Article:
US business community warns tariffs on Chinese imports could backfire

WASHINGTON, Aug. 7 -- US business leaders and scholars have warned that Washington's tariffs on additional Chinese imports could backfire.

US port.jpg

The container ship Maersk Emerald is unloaded at the Port of Oakland Thursday, July 12, 2018, in Oakland, Calif. (AP Photo/Ben Margot)

Despite concerns by US businesses and industries, the Trump administration said Tuesday that it will begin slapping extra 25 percent tariffs on another $16 billion in Chinese imports in two weeks, further risking an escalation of the ongoing trade tensions.

"Whether you're a farmer, a fisherman, or a factory worker one thing is clear - tariffs are counterproductive for long-term US economic success," Myron Brilliant, vice president for international affairs at the US Chamber of Commerce, said in a statement.

The tariffs, set to take effect on August 23, come after the Trump administration imposed additional 25 percent tariffs on $34 billion in Chinese goods in early July, both criticized as protectionist measures under the "America First" policy.

With extra tariffs on $50 billion worth of Chinese products, there is a continuing absence of a coherent path forward to address the trade dispute between the United States and China, Brilliant said, urging the two sides to "get back to the negotiating table to work towards solutions."

The new round of tariffs targets 279 product lines, mainly chemicals and electronic parts. The US Trade Representative's office only removed five items from the original list after a 46-day public comment and review period.

The US Semiconductor Industry Association (SIA) was among those disappointed about the tariffs.

"We have made the case to the administration, in the strongest possible terms, that tariffs imposed on semiconductors imported from China will hurt America's chipmakers, not China's," SIA President John Neuffer said in a statement Tuesday.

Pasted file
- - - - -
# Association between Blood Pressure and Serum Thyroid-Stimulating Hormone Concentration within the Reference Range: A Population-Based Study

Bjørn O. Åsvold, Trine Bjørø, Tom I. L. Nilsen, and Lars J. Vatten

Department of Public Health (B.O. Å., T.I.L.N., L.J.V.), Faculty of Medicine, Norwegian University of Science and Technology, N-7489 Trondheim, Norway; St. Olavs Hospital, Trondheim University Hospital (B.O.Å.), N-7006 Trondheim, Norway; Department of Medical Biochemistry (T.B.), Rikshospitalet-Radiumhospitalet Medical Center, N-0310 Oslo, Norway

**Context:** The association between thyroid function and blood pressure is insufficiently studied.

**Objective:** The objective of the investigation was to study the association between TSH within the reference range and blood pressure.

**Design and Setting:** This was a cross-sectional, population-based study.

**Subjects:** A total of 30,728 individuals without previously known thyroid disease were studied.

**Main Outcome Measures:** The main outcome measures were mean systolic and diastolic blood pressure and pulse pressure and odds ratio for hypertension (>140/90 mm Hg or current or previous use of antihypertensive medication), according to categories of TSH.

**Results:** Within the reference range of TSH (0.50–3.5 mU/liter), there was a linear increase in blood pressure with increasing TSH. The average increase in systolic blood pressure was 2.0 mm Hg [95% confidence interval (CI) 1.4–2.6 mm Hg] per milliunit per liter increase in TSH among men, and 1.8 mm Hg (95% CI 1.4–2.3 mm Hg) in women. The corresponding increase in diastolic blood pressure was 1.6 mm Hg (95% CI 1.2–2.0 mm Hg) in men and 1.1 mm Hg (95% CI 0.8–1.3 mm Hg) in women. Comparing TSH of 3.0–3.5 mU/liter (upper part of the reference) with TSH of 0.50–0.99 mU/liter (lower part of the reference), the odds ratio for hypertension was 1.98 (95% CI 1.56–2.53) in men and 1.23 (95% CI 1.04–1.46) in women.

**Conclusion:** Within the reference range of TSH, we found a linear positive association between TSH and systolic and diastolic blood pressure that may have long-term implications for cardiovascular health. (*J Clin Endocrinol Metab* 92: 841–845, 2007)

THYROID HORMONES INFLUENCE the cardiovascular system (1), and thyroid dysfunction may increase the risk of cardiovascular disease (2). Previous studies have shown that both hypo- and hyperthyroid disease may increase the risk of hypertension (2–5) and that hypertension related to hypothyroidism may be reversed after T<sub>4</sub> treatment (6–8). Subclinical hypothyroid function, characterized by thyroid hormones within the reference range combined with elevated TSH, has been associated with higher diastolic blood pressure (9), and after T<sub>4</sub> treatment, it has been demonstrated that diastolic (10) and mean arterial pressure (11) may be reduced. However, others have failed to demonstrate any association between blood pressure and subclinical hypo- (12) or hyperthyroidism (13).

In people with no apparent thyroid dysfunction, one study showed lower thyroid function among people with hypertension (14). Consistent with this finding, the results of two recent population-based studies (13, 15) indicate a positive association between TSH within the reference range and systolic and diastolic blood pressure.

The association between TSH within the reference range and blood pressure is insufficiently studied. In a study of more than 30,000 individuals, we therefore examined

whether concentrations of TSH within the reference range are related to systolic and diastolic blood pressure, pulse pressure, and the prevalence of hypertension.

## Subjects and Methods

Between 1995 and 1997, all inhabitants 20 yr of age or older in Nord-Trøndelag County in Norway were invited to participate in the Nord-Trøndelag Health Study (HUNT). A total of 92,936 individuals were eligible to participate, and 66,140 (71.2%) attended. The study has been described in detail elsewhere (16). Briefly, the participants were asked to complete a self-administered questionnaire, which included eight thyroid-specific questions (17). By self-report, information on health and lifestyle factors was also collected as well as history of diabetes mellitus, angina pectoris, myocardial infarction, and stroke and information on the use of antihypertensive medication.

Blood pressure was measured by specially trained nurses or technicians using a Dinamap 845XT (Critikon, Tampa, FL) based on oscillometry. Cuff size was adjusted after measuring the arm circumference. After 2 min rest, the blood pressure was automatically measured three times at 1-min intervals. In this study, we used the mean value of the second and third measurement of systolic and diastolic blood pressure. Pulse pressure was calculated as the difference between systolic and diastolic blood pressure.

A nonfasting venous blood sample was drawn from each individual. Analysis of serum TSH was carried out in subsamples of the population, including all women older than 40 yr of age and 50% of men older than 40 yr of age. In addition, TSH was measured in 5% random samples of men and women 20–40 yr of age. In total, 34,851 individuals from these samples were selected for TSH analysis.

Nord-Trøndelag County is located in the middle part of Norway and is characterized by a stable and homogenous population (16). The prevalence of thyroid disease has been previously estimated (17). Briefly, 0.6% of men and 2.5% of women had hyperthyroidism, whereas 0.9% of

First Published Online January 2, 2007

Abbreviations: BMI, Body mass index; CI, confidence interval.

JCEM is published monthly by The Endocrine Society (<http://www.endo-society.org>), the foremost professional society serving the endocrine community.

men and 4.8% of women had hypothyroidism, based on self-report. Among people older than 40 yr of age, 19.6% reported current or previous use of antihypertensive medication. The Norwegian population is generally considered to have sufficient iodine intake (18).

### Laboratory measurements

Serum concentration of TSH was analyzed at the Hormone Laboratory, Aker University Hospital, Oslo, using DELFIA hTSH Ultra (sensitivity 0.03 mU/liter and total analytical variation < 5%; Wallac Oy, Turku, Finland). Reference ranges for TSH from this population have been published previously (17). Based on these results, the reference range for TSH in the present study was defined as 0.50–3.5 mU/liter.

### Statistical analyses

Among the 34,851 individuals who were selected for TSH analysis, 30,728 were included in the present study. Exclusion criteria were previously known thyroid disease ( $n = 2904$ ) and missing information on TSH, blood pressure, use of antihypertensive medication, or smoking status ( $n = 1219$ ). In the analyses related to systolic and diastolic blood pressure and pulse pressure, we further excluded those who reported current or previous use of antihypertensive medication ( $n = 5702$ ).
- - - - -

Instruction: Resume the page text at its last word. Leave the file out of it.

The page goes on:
Matthew Shay, president and CEO of the National Retail Federation, described the latest move by the Trump administration as "another step toward throwing away the benefits of tax reform" and "a huge risk for American consumers and workers with no endgame in sight."

"It's time to stop digging a deeper hole while we can still climb out," Shay said.

"The trade conflict with China continues to escalate and hurt American small businesses and consumers," Sage Chandler of the Consumer Technology Association said in a statement issued Monday.

"Under the threat of tariffs, the US is benching businesses and encouraging the Chinese to import goods from America's foreign competitors," Chandler said. "Tariffs are a recipe for disaster - giving a leg up to America's foreign competitors."

According to a study released Tuesday by the US Federal Reserve Bank of Atlanta, Washington-fueled trade tensions with other economies have prompted almost a fifth of US businesses including about 30 percent of manufacturers to review their capital spending plans.

"Retaliatory tariff hikes by trading partners can also affect domestic investment by curtailing the demand for US exports," Atlanta Fed Research Director David Altig wrote on a blog posted on the bank's website.

"An uncertain outlook for trade policy can cause firms in all industries to delay investments while they wait to see how trade policy disputes unfold," he said.

The US economy grew at an annual rate of 4.1 percent in the second quarter of 2018, which pundits believe is likely to slow down in the second half of the year, as fiscal stimulus fades and the Federal Reserve further increases interest rates.

The Trump administration has the wrong view on trade, and its protectionist measures will take their toll on American manufacturers, farmers and consumers, Donald J. Boudreaux, a professor of economics at George Mason University, told Xinhua in a recent interview.

A huge headwind on the country's economic growth is the Trump administration's trade policy, said Boudreaux, warning that if it continues "as it's happening now, not only will it slow the economic growth, it might actually reverse it."

"The bulk of the bullets are aimed not at foreigners. They are aimed at fellow Americans," the economist said.